This is the final post in this series. We have systematically taken a relatively simple chordal outline over a short ii-7 V7 I and shown how we can make some subtle adjustments to create many possibilities both rhythmically and harmonically.
When I refer to a short ii-7 V7 I, I am using a term that is personal to me - I am not really sure that it is universally used, but it has always made sense. Typically, when we learn ii-7 V7 I's we learn them over a four measure phrase, where both the ii-7 and the V7 chords get one full measure and the I chord gets two measures. I generally call that a "normal" ii-7 V7 I or a "Long Form" ii-7 V7 I. When to chord duration is cut in half and both the ii-7 and the V7 only get two counts, I call that a "short" ii-7 V7 I. Again, maybe not a universal term, but something that I have found helpful to form distinction between the ways that the ii-7 V7 I progression can show up.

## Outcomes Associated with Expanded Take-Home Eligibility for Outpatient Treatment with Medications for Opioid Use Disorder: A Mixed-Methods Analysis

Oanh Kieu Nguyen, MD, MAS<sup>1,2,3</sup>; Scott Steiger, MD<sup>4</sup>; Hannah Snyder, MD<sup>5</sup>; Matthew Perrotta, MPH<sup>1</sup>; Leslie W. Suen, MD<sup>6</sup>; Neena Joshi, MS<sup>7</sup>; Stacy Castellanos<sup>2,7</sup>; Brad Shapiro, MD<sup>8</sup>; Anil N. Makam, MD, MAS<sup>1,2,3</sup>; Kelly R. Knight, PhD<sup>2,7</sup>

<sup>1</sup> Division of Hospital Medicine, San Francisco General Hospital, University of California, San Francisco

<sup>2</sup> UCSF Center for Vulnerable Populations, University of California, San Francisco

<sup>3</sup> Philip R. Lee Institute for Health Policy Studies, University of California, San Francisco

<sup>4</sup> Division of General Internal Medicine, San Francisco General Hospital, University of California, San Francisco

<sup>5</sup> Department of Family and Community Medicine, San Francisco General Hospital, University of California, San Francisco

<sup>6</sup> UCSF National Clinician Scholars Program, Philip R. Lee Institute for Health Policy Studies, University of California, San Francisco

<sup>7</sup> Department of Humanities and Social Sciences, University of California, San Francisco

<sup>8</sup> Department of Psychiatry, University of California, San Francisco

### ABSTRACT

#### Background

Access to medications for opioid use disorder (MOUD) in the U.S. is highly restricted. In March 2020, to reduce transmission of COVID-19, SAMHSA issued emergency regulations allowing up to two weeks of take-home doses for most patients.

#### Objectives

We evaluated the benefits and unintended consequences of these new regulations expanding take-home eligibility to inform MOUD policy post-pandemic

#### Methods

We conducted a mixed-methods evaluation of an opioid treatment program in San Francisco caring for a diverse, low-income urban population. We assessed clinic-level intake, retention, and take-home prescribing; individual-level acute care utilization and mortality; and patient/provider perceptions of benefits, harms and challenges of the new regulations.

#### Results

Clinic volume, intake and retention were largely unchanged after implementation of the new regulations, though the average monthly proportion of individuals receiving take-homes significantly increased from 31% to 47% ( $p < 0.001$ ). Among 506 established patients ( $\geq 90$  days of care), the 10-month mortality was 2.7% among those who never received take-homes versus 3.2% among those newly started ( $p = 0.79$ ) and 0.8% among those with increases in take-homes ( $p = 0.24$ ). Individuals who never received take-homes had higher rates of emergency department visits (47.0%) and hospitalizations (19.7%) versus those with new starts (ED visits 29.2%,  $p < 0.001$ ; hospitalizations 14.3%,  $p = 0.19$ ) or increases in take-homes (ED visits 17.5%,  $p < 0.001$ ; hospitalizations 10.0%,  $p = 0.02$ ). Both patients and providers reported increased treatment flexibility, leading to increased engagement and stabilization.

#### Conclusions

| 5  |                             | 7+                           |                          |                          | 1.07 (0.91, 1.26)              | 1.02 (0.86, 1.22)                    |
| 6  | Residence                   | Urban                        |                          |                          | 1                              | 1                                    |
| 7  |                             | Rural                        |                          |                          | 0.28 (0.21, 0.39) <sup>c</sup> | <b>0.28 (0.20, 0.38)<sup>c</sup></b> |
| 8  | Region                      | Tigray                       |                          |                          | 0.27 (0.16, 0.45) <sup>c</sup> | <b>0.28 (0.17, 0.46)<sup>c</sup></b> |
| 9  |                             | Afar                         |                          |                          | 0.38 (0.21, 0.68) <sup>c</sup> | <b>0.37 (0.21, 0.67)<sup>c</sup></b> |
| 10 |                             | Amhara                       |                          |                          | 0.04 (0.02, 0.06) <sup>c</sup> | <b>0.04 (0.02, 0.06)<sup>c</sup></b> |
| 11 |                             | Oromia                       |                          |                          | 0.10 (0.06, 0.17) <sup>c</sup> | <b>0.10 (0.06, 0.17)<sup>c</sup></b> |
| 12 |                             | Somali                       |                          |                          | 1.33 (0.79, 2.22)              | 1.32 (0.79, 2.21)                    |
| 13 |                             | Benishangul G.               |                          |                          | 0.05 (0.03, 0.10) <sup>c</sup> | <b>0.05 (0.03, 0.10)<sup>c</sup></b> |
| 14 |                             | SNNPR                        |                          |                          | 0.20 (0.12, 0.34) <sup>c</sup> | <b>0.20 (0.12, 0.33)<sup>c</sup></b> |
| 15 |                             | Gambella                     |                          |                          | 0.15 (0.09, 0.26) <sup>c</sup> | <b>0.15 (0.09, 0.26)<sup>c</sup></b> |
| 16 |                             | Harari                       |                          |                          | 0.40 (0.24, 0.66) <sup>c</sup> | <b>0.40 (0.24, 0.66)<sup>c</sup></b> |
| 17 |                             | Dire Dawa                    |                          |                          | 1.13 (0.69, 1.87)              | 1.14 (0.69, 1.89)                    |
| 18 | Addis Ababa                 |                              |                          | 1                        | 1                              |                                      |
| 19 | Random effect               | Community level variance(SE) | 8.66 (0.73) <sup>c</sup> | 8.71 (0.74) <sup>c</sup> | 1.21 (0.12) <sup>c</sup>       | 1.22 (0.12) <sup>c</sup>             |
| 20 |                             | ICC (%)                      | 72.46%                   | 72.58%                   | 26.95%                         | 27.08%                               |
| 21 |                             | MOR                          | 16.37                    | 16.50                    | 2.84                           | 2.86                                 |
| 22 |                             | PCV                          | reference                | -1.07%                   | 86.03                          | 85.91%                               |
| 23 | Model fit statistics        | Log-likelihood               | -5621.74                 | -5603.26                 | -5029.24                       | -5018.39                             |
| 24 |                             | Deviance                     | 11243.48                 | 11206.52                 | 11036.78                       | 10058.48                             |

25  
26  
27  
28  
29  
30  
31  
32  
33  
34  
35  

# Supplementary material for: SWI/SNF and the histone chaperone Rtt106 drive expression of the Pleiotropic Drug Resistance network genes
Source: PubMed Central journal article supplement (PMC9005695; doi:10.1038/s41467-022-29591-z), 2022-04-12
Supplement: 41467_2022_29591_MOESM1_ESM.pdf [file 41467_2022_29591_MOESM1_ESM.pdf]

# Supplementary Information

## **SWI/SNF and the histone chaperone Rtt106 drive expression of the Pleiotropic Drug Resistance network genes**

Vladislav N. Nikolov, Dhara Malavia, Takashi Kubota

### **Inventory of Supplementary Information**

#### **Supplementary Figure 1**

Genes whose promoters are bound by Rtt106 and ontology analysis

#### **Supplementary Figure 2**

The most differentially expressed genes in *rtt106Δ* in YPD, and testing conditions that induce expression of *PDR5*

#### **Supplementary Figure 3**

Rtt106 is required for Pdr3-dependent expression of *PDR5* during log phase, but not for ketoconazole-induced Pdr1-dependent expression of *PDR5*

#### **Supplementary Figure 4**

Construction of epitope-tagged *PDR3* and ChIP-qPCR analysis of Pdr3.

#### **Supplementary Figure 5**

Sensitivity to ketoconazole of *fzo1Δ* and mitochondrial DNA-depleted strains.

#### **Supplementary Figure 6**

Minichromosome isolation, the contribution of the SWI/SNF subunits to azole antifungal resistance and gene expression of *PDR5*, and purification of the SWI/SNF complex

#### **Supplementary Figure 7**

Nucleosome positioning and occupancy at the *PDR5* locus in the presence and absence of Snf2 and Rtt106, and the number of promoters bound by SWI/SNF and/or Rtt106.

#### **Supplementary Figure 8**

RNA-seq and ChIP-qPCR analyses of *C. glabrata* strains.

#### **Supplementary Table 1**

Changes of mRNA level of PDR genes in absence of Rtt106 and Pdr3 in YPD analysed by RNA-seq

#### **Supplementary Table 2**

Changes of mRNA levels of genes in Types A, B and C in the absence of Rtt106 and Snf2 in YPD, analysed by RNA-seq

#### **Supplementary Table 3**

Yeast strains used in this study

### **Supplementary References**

The short ii-7 V7 I is a an effective tool in transition to key centers within a tune. It is important to note that it is not necessary to have that progression in the chart for the improviser to superimpose it. For instances, if there were four measures of Bb followed by four measures of Eb, we could substitute the last measure of Bb as a short ii-7 V7 leading to Eb. This is is basically the situation in measure four of the blues. That measure can serve as a pick-up bar to Eb or a transition to Eb.
So this week's adaptation of the transition lick is another way to end the figure that gets us all the way to the root. Looking at the final measure of the lick the first two notes are 5 - 3. That was the original form of the lick. At this point we can add a turn from 4 - 5 - 4 and then play 3 - 1. The resulting lick is transposed for instruments for the concert key of Eb below. As we walk away from this idea I would encourage you to continue to find ways to adapt this language to your personal style. Also, we have specifically used these ideas as a way to transition between the first and second phrases of the blues; however, we can use it anytime we are transition to a new key center, or anytime short ii-7 V7 I's are present in the chord progression we are working with.
adjusted for trumpet range